Can we say now that Czech football has become truly world-class? I mean, the Czechs made it to the final of the European Championship in 1996 in England - they came in second against Germany, but they played a much more defensive style then, far more similar to the style Greece used this year to win.

"That's right: the Greek team this year used the same type of defensive tactics like the Czechs in '96. This time around the Czechs were the attackers, the playmakers, right side and left! In '96 the Czechs were all defence: with just one striker up front. In Portugal it was the Czech team that scored goals, more goals than the others. And they were fighters and creators."

When you're lucky enough to be covering a sport like football which you personally enjoy, it must be difficult not to get caught up in emotions...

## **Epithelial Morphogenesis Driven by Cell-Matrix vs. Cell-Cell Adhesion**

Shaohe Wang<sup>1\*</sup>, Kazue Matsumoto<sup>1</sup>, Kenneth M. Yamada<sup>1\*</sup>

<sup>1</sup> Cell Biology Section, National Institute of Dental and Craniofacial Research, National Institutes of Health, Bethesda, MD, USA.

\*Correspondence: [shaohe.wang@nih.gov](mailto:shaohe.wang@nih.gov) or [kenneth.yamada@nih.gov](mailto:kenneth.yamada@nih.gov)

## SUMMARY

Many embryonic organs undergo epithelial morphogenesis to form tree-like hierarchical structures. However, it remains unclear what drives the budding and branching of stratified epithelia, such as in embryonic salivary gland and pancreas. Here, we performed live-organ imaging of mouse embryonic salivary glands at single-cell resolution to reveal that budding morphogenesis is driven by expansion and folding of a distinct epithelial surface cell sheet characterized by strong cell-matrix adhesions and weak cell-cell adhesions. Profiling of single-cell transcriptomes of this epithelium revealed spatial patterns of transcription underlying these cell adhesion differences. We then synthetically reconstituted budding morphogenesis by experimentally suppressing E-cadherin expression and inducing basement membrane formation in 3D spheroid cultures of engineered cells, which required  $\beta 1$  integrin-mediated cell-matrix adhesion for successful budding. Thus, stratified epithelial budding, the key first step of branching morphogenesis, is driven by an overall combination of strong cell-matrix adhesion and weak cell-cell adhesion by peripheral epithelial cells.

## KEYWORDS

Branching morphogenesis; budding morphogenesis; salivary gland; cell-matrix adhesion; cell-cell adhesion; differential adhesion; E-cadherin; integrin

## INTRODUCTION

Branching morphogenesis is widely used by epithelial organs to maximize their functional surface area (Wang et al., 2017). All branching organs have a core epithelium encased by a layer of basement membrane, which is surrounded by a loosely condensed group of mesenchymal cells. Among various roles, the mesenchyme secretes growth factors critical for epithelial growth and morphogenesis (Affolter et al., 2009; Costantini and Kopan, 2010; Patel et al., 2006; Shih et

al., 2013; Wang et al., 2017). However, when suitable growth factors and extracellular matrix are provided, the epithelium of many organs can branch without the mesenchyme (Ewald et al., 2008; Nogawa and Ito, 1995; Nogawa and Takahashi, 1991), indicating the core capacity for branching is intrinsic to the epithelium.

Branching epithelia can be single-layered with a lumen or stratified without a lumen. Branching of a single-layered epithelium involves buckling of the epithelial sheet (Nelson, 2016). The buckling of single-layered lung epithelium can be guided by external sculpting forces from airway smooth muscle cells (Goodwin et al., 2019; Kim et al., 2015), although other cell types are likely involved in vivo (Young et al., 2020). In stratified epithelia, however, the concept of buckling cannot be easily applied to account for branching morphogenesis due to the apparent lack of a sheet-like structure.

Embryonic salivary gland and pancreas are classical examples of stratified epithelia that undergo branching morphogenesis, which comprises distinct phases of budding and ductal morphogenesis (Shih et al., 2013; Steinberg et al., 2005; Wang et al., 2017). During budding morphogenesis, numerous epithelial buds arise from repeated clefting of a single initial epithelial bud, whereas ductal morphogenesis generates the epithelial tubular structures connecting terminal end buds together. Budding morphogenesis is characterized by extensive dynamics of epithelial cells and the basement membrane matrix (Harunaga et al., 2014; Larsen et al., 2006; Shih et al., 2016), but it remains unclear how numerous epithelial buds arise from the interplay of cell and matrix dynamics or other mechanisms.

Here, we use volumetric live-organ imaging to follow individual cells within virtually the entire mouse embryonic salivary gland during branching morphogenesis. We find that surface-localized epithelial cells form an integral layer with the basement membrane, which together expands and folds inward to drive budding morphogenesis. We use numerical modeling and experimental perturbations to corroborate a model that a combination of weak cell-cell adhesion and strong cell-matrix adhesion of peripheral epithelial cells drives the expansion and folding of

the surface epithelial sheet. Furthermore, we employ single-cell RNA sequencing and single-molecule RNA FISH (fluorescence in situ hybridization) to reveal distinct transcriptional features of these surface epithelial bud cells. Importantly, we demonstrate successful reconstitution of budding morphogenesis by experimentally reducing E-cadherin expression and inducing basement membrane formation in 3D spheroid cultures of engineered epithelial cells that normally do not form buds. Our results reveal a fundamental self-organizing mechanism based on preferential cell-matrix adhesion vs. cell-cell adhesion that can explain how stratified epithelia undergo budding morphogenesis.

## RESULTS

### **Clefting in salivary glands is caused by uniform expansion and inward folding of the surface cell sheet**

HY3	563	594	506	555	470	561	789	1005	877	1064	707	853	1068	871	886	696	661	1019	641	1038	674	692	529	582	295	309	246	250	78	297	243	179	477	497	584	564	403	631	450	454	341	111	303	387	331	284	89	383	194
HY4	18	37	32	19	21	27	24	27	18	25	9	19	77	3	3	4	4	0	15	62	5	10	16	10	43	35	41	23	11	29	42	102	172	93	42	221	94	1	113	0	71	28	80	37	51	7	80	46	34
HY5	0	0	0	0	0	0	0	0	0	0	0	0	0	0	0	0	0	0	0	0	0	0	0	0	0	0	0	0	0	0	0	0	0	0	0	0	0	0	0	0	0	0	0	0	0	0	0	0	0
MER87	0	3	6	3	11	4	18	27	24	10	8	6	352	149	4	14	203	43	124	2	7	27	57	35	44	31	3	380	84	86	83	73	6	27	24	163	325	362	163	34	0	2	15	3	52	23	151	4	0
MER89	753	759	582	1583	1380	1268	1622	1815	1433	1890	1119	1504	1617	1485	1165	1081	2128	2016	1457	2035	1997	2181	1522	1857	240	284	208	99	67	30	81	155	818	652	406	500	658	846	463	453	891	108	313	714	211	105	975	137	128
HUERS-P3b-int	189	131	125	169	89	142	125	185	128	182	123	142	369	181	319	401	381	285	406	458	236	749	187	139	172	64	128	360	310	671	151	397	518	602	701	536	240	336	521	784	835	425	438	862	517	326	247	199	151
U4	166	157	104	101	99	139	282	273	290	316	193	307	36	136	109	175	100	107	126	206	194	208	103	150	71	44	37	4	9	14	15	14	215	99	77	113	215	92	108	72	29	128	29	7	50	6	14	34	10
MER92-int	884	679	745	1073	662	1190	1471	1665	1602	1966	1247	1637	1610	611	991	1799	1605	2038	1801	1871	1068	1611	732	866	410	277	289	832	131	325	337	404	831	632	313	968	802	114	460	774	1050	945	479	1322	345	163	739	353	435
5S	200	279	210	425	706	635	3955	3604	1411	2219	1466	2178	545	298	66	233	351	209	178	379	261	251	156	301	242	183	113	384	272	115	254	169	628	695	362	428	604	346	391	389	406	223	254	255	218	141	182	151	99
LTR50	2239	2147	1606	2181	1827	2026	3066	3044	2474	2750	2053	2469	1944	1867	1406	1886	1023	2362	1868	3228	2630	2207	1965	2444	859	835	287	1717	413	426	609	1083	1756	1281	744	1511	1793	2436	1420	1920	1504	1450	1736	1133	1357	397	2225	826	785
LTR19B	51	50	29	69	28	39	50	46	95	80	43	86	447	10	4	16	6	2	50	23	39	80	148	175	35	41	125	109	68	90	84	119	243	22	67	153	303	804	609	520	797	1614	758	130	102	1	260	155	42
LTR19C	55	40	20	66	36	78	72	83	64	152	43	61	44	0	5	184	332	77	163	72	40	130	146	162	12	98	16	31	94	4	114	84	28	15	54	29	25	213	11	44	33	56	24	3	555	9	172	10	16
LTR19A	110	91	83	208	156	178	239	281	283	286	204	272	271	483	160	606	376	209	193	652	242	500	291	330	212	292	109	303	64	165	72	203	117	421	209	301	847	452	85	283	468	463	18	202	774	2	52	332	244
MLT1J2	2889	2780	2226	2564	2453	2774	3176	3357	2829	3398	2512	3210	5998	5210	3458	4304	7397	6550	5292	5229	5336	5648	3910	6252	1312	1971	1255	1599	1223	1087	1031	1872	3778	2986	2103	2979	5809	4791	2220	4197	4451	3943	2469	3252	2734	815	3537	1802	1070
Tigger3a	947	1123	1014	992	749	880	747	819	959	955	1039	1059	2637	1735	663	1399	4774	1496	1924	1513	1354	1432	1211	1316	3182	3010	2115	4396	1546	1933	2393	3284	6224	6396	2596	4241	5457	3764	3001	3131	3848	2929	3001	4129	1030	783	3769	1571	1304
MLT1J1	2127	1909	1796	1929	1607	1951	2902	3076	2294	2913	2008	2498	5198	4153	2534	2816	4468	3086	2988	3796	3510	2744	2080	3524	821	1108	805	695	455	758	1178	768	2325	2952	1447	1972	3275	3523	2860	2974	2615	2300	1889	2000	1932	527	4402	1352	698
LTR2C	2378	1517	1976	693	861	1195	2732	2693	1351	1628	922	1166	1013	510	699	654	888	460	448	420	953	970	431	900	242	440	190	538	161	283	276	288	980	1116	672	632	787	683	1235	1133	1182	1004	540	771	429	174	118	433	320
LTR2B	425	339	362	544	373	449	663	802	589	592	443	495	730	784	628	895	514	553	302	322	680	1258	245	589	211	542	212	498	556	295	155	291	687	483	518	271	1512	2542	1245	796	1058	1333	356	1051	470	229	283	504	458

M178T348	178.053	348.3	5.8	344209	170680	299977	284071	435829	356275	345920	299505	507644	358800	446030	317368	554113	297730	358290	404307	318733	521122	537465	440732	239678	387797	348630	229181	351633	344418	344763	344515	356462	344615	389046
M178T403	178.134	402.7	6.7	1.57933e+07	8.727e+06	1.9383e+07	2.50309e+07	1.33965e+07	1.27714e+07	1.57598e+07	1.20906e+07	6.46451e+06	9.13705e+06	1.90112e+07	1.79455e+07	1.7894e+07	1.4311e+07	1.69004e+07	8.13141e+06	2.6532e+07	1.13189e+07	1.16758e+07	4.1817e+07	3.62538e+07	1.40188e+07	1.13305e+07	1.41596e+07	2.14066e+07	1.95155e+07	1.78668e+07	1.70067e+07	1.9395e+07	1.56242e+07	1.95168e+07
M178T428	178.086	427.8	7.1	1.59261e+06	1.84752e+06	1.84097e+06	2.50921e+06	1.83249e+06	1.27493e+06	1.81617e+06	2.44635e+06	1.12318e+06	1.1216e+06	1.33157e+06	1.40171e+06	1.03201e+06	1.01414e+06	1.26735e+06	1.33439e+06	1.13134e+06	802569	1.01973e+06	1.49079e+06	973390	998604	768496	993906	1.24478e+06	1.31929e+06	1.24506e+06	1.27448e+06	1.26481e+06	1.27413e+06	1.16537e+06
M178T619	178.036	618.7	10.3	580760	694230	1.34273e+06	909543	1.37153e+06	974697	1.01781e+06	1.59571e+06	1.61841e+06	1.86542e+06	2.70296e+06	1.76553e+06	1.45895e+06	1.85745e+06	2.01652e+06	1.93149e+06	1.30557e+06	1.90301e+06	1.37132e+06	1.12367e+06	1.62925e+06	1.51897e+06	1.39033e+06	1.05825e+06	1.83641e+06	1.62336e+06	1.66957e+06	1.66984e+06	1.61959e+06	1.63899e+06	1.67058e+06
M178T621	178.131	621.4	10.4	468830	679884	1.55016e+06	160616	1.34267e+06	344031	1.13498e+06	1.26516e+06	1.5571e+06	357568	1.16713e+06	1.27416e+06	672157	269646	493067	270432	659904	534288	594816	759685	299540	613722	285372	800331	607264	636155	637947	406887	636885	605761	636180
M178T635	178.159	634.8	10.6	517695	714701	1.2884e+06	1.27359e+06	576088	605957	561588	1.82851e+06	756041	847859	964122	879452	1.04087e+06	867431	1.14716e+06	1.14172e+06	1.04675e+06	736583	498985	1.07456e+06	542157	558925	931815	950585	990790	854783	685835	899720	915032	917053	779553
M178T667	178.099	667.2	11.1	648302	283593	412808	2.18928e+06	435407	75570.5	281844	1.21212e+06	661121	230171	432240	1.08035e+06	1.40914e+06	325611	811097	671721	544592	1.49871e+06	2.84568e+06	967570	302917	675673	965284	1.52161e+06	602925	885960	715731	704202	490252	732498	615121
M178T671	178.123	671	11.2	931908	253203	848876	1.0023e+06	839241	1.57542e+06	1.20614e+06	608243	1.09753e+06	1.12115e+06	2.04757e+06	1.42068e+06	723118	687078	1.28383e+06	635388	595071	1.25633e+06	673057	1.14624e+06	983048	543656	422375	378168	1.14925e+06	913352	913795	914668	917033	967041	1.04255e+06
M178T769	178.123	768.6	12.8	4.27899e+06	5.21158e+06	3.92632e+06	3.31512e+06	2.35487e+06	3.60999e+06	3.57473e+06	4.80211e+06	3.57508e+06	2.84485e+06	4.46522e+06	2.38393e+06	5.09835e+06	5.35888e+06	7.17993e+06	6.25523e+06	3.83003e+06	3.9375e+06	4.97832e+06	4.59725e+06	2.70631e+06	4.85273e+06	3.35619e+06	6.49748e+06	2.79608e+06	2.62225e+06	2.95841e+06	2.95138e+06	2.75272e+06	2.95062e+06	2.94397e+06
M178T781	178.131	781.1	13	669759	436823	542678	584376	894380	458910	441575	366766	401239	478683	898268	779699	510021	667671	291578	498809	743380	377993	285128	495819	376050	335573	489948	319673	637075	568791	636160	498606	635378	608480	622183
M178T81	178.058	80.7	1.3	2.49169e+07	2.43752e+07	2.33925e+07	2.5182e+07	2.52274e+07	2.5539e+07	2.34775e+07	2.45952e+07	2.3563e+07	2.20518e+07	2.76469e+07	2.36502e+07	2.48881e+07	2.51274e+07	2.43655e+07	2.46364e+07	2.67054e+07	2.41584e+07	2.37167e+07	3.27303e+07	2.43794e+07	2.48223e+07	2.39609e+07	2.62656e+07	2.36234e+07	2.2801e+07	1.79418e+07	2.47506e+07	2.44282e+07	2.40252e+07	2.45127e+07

"I have to tell you I'm not a 'fan'. I am too concentrated on my work to be a fan. My parents don't believe me but it's true. I couldn't be a fan. If I'm writing an article I just can't. Maybe, for just a few seconds, such as when the semi-final was lost, I was sad. But other journalists were crying. But at that moment I didn't care about the tears. It's not only pity: the opponent was better. It's just, I have to write it. I have to be above everything."

In short, the sense that I get from you is a definite commitment to brining across an objective reality, and I'd like to suggest that within that reality "sport" wins for you. At that point it doesn't matter who kicks the ball into the net, as long as it's a 'perfectly kicked ball'.

"Yes, that's it."

Pavel Nedved and Marek Jankulovski, Euro 2004, photo: CTKPavel Nedved and Marek Jankulovski, Euro 2004, photo: CTK In writing there are all kinds of different genres. In sports writing do you have a favourite? The pre-game analysis, the game itself, the column pieces; do you have a favourite?

"It depends on the day. I love the 'big' interview. Sometimes I like stories, reportages, it depends."